Now here’s an interesting question that came up in conversation recently:

While maintaining a system, should you make use of new language/framework features or not?

Of course, context is everything when faced with such a generic question, as the best answer may vary widely from one context to another.

In my situation, we’re looking at a moderately sized bespoke system that took a small team of developers most of a year to develop for the initial go-live. Initial development was on the .NET 3.5 platform, using the C# language. Going forward, ongoing support of the system will be largely the responsibility of one or two developers, but with other developers involved for skills transfer and knowledge sharing.

When this system is being maintained, should the developers make use of the latest features of the .NET framework, or should they restrict themselves to that subset of features already in use?

I’ve heard people arguing both sides of this - those arguing for the use of new framework features, and those arguing against the same. I used to belong firmly in the for camp, but now I’m not so sure.

Those who are in favour of using new framework and language features argue

  • that you gain from the improved productivity and performance afforded by the new features;

  • that you retain the interest and motivation of your developers;

Those who are against use of new framework and language feature argue

  • that you need to retain consistency of your codebase in order to maximize its maintainability;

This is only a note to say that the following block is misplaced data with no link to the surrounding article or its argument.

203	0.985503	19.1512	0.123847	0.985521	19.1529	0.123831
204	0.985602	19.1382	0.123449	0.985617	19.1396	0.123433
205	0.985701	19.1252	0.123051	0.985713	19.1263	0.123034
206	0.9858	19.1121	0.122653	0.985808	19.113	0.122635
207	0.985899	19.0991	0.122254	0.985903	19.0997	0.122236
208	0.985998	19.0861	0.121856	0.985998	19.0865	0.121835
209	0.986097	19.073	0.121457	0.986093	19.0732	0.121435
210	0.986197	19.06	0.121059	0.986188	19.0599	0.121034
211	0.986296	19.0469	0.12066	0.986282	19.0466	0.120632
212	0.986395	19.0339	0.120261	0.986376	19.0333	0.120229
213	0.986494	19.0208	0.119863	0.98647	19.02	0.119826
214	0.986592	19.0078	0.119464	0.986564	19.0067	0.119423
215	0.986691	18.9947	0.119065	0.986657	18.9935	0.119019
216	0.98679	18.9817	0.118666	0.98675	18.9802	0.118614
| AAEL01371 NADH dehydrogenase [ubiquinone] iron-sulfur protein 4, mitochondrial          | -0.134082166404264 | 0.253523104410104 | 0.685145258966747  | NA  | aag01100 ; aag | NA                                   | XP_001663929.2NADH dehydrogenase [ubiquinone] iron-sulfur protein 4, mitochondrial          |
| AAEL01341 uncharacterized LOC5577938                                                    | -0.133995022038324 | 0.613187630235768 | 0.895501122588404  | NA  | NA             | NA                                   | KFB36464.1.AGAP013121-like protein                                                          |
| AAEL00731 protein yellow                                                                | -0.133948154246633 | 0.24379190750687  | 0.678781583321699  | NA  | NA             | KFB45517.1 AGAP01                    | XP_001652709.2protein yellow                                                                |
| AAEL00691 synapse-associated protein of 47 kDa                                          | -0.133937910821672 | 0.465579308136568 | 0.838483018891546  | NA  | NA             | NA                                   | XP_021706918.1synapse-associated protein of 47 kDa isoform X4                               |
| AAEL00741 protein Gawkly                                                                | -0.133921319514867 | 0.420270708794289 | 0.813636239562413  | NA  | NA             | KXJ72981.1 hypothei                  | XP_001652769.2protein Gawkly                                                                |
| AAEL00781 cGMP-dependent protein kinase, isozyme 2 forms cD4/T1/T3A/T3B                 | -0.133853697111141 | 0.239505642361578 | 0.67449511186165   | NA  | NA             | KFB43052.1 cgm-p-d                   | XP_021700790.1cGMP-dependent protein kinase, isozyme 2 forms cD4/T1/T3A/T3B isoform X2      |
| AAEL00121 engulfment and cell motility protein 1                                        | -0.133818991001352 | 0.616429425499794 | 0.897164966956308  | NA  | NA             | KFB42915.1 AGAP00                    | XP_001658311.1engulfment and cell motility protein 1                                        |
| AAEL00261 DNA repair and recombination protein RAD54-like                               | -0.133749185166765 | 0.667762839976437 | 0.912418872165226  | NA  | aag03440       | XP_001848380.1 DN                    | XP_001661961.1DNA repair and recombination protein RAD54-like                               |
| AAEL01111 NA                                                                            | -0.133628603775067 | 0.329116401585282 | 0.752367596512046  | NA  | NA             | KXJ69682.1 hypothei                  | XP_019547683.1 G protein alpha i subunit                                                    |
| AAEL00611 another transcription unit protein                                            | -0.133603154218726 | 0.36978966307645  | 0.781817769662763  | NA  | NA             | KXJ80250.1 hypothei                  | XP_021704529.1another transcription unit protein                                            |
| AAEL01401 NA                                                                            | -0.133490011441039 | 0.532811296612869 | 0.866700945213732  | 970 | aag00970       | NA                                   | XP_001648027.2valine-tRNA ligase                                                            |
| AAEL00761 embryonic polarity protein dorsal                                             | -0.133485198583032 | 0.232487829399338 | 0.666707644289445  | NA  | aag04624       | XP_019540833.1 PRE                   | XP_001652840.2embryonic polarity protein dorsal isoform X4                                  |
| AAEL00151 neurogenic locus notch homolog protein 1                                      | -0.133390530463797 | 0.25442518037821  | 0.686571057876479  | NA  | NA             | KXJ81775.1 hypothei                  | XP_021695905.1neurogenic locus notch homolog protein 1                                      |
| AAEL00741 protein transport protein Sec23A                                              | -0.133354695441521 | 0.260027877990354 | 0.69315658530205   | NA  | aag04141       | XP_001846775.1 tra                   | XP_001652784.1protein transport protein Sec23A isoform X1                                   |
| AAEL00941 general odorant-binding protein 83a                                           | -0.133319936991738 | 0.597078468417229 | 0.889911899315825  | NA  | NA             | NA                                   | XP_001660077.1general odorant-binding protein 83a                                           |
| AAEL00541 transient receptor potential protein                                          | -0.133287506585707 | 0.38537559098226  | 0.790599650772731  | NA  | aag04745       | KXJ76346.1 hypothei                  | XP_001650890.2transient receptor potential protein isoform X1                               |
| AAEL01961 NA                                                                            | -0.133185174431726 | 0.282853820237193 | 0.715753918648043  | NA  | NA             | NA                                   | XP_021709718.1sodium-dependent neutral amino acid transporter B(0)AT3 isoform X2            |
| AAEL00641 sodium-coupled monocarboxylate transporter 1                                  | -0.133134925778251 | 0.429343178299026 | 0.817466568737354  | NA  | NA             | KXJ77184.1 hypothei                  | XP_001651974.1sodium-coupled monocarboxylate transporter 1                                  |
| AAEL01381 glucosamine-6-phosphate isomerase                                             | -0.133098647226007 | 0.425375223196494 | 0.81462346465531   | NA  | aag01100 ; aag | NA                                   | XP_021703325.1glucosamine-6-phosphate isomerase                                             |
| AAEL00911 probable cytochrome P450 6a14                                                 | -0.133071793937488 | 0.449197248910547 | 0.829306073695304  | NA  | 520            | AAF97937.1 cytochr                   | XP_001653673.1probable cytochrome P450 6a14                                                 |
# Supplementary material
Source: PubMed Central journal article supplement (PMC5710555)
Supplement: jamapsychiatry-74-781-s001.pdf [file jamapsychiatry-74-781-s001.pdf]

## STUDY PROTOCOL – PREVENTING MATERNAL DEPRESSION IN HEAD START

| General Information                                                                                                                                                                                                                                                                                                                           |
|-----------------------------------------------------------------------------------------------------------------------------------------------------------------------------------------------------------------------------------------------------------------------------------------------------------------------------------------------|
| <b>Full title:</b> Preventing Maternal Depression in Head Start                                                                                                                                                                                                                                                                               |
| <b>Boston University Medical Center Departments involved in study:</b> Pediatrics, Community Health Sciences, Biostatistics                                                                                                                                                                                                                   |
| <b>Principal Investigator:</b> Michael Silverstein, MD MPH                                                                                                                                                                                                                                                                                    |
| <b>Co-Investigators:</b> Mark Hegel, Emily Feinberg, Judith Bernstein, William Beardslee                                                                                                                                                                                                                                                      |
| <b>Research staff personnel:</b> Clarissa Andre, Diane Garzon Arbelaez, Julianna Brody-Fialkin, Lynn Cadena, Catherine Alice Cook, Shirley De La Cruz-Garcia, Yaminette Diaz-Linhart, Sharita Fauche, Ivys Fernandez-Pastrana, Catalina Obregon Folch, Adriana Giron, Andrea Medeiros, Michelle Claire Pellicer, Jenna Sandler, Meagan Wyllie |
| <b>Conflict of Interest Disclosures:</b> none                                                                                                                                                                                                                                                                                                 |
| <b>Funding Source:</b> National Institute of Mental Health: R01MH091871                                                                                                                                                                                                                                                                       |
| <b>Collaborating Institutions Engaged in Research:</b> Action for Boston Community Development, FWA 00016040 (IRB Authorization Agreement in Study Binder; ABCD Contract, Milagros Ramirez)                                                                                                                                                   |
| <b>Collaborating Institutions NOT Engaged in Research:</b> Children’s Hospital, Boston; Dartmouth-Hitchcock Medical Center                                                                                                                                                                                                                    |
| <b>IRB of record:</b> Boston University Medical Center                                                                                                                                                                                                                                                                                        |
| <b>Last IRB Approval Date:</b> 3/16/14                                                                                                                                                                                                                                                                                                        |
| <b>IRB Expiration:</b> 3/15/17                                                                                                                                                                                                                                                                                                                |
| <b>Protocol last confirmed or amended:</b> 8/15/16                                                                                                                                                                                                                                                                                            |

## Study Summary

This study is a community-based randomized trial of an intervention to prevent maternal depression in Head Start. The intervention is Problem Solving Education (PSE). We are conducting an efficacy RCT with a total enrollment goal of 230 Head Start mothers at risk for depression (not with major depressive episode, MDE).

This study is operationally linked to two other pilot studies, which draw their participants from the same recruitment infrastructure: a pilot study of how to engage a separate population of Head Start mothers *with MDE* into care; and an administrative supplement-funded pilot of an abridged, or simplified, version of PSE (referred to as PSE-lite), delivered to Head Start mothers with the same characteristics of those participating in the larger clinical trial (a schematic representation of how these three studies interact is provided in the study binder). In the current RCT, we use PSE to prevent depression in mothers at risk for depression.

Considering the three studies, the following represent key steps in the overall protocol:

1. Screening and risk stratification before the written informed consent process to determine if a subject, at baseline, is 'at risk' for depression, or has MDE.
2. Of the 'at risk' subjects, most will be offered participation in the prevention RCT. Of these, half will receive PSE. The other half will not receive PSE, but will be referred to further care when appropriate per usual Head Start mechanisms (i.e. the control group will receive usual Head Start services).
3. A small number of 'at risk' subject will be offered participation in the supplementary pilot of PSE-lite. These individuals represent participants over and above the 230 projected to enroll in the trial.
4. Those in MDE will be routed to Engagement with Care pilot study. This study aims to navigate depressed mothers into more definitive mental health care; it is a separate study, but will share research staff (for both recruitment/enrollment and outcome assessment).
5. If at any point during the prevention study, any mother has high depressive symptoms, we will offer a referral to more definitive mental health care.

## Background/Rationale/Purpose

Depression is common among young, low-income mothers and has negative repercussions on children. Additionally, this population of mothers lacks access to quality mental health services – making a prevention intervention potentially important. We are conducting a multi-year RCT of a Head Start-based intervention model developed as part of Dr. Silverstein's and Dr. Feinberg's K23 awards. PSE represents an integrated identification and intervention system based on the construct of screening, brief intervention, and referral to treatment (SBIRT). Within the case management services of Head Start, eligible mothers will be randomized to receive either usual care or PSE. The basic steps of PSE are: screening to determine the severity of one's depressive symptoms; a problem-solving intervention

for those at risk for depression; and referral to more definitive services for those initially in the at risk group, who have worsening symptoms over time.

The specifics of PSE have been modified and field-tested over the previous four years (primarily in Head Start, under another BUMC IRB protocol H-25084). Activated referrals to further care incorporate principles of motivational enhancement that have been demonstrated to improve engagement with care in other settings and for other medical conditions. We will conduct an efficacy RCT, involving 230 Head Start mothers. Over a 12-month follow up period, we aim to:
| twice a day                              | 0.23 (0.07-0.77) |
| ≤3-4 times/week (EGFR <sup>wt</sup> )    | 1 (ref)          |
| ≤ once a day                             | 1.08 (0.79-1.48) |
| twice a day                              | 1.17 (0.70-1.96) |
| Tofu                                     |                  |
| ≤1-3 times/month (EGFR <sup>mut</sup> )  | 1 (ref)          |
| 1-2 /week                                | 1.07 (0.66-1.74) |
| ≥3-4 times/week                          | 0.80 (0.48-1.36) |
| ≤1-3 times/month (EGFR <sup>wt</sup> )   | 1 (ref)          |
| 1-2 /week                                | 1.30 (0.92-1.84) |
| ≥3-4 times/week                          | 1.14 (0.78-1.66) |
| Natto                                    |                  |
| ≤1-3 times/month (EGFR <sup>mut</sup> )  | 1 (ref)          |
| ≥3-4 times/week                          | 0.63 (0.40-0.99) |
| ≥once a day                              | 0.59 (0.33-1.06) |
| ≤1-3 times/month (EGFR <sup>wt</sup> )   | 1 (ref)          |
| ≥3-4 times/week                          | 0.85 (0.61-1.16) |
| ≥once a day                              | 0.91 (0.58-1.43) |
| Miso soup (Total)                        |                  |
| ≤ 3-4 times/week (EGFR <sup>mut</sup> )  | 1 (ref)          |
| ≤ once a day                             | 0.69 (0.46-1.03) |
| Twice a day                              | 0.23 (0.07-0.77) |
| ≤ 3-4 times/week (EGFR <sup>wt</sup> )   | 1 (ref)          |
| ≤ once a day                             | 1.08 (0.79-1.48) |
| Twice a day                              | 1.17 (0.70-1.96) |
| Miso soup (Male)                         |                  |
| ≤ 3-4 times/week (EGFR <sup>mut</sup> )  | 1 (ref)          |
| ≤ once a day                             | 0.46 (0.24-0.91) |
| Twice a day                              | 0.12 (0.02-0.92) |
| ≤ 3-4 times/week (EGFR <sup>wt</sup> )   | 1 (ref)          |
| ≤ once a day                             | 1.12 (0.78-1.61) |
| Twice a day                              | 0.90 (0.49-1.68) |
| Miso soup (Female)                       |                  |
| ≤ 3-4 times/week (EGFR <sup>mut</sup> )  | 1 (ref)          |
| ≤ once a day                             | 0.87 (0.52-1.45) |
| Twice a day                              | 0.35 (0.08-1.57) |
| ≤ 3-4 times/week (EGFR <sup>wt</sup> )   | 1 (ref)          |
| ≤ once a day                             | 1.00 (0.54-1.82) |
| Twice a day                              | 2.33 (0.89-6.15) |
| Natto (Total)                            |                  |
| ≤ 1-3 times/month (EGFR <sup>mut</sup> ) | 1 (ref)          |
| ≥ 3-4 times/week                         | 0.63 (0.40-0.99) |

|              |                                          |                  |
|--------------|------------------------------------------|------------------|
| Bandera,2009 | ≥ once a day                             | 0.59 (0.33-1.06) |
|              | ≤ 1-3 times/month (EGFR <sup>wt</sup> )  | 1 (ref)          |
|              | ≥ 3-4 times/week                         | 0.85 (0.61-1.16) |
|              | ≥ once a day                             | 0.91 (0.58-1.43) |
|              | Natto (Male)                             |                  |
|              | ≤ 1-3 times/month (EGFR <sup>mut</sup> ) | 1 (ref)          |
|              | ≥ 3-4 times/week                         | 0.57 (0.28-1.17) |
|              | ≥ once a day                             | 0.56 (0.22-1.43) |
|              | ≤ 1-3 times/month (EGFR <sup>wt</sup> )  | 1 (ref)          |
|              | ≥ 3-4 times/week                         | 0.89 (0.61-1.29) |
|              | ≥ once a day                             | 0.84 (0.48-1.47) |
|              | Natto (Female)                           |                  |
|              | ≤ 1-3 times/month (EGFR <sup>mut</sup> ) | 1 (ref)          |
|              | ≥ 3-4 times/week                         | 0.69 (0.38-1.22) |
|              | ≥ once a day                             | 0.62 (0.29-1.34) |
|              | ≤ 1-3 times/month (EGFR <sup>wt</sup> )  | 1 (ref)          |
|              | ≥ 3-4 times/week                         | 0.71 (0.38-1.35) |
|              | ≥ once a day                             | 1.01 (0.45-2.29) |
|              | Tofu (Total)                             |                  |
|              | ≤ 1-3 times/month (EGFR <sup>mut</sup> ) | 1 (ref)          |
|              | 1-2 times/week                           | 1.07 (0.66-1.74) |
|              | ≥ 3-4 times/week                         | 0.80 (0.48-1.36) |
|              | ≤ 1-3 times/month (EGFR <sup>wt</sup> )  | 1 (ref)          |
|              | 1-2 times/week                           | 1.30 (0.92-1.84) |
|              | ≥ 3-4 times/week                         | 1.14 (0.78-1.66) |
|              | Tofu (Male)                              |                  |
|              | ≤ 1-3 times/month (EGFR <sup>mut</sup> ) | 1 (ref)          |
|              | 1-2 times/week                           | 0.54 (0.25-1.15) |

• that you shouldn’t increase the complexity of the application without good reason;

  • that it is unreasonable to require every maintenance developer to be a guru who knows all the latest;

What do I think? I think all of these arguments have merit - and that, maybe, we need to make decisions on a case by case basis.

One aspect to consider is the rate of change - how much maintenance is taking place.

If you are making an isolated (rare) change to an otherwise stable system, then first priority has to be given to consistency. Any change you make is going to be the only one of its kind - any inconsistency is going to be a potential landmine laying in wait for future developers.

Ongoing maintenance is a different story. When the system is being actively developed and enhanced, any change in approach isn’t going to be isolated and unique, but the first of many. Consistency is not unimportant, but it is less important than the ongoing productivity of the developers working on the system.

It’s important to note that considering consistency less important is not the same as considering consistency unimportant. If you are going to make changes to a system that are not consistent with the way it’s been done to date, make sure your reasons are sound. Documenting them wouldn’t hurt either.


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August 2009